House Minority Leader Nancy Pelosi is embracing President Barack Obamas efforts to contrast his presidency with the performance of Congress.
Democratic leaders hope President Barack Obama gives a stern lecture to Congress on its ineffectiveness when he delivers his State of the Union address this week.
While a combative speech could include some unpleasant moments for all Members, Democrats say they are happy to sit through them as long as Obama touts some of their party’s accomplishments and goes after Republicans.
“We rise and fall with him, so if he bashes Congress, we need to be fine with that,” a House Democratic leadership aide said.
Democratic Congressional Campaign Committee Chairman Steve Israel (N.Y.) said he anticipates the president will again offer to work with Republicans on legislation — something Democrats hope will remind voters of the times last year when Republican leaders walked away from the negotiating table during talks on the debt and the federal budget.
“I would expect that the president would continue to invite Republicans to work with him and House Democrats to rebuild the middle class, create jobs and strengthen the recovery,” Israel said last week.
He added: “This will be the fourth time, I believe, that the president has come to the Congress and invited Republicans to work with him. I hope on the fourth time they’ll decide to actually do that.”
House Minority Leader Nancy Pelosi (D-Calif.) also recently embraced the Obama campaign’s efforts to vilify Congress and run against the legislature in his re-election campaign. Democratic aides note that while the president’s message appears to include their own bosses, as long as it works for Obama, it will work for them.
Still, some Democrats insist that Obama needs to make the distinction between their party and the GOP if he decides to go negative against Congress. Israel, leading the effort by House Democrats to win back the majority, readily conceded that an anti-Congress message presents some challenges.
“Would I like him to use the word ‘Republican’ more in his verbiage? Yes,” Israel said.
But it’s a small price to pay, he continued.
“I think voters are smart enough to know who should be held accountable for the gridlock, and it’s the Republicans who manage the House of Representatives,” he said.
Senate sources indicated the president’s speech Tuesday could resemble, in content and tenor, an address he delivered last month in Kansas. That speech was infused with a populist tone and was noted by many as one of Obama’s first real campaign pitches of 2012.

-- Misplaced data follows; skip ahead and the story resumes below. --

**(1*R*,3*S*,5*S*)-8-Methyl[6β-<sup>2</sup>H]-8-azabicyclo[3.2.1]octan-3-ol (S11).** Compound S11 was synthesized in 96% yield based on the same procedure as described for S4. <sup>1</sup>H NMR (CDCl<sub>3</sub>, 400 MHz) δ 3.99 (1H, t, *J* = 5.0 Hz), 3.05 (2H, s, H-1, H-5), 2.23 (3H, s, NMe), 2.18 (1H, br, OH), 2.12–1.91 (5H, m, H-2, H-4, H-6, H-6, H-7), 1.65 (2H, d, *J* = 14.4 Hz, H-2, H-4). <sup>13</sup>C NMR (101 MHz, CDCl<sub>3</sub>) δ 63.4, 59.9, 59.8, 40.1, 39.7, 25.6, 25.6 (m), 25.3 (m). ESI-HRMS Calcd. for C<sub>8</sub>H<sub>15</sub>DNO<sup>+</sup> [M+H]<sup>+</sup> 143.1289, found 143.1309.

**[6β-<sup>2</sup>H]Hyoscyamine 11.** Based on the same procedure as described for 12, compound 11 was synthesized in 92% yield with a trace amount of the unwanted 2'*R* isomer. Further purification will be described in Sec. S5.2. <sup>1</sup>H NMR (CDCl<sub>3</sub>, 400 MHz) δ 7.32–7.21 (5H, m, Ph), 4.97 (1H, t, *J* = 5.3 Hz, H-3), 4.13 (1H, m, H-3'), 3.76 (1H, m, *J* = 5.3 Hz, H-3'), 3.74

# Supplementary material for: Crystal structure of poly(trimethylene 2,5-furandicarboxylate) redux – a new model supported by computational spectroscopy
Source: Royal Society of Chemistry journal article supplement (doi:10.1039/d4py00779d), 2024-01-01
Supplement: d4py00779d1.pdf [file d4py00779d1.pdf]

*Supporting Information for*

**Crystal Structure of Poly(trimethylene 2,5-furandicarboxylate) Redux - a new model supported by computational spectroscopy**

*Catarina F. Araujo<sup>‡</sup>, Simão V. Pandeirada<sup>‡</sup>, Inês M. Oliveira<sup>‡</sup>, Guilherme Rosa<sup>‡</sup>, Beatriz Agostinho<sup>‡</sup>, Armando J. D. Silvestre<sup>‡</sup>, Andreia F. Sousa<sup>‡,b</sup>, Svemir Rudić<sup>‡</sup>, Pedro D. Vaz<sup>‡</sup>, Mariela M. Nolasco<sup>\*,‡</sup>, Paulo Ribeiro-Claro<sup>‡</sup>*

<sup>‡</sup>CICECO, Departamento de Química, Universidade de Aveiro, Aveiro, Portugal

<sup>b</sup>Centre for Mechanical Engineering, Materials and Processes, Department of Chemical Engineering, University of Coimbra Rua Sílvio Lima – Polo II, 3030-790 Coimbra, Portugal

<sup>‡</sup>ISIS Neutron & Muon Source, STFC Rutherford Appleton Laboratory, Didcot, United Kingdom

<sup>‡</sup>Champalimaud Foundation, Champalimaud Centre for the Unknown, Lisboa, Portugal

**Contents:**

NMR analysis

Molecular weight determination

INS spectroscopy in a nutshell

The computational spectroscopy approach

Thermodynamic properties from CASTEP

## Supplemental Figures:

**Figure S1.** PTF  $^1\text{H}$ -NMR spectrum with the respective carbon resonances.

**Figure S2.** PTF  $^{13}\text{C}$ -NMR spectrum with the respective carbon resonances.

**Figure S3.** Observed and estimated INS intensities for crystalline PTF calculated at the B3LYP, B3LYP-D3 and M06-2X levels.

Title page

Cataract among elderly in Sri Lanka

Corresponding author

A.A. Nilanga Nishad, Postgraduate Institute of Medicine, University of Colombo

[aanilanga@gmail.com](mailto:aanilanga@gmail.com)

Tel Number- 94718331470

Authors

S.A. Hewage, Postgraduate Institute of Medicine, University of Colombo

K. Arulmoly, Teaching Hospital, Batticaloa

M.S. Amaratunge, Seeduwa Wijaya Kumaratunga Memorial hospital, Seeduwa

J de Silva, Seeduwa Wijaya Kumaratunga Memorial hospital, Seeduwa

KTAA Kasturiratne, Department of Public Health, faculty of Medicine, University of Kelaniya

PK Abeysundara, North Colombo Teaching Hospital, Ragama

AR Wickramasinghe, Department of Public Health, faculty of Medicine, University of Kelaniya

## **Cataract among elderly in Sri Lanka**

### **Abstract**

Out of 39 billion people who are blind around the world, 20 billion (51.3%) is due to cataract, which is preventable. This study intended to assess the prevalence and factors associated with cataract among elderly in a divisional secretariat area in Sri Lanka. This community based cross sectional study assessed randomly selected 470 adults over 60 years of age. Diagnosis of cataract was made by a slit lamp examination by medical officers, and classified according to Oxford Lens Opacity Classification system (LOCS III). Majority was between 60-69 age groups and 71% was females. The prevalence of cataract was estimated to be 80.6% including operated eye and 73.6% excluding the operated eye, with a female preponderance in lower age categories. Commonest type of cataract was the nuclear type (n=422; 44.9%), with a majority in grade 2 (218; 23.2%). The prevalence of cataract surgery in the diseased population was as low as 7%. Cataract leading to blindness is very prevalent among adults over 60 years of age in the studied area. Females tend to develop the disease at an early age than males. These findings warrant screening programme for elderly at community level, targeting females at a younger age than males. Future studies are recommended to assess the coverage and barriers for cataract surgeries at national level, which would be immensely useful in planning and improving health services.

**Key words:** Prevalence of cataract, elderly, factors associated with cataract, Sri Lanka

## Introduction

It’s that campaign Obama, the fiery and lofty born-again candidate, whom Democrats are eager to hear.
Last year, Democrats across the Capitol feared the president would move too far to the center to placate a new and large Republican majority in the House. They worried a badly bruised president, rebuked by the 2010 midterm elections, would throw their own interests under the bus.
But a lot has changed since then. Just last month, Democrats found themselves on the winning side of a fight over the payroll tax cut, and that has given them new confidence as the president heads into what could be one of the most important speeches of his career.
Senate Democrats, the group that has the most to lose in 2012, are keeping quiet before Obama’s big speech. They have fewer demands this time around, though Senate sources familiar with the White House’s thinking on the address indicate he will hammer home issues important to them: the full-year payroll tax cut and unemployment benefits extension; issues of economic fairness; the unfinished pieces of Obama’s jobs bill, chiefly infrastructure; and more criticism of the Supreme Court’s 2010 campaign finance ruling that led to the increased influence of super PACs.
Now more than ever, Democrats acknowledge they will again need Obama’s coattails if they are to hold on to the Senate and make gains in the House, so they hope Tuesday night will be one of a united party front and soaring political rhetoric.
Democrats might not be able to rebottle that rare 2008 hope and enthusiasm, but they are angling to energize their base in an election that may come down to which party’s base is least disgruntled with its leaders.
During an appearance on MSNBC on Friday, Rep. Loretta Sanchez said it’s important for the president to point to the accomplishments made under Congressional Democrats when they were in control of both chambers.
“We accomplished a lot when Nancy Pelosi and the Democrats controlled the House of Representatives and we had President Obama with us,” the California Democrat said. “There’s a sharp contrast between what we did then ... versus sort of do-nothing, which is what’s going on in Congress right now.”
Of course, not everyone wants Obama to go negative or hit Republicans.
With Congress beginning the new year with a record-low 13 percent approval rating, according to a recent Washington Post-ABC poll, moderates contend that Obama’s message should be more conciliatory.
“The Congress needs to work with the president to accomplish something in 2012,” retiring Rep. Charlie Gonzalez (D-Texas) said. “I’m hoping the president says, ‘Look, not everything is expected from Washington in an election year, but we can’t continue on in this regard.’”
Vice President Joe Biden waits to conduct a mock swearing-in ceremony with Sen. Brian Schatz, D-Hawaii, in the Capitol's Old Senate Chamber, December 2, 2014. Schatz was sworn in to serve the remainder of his term since he was appointed to the seat after Sen. Daniel Inouye, D-Hawaii, passed away.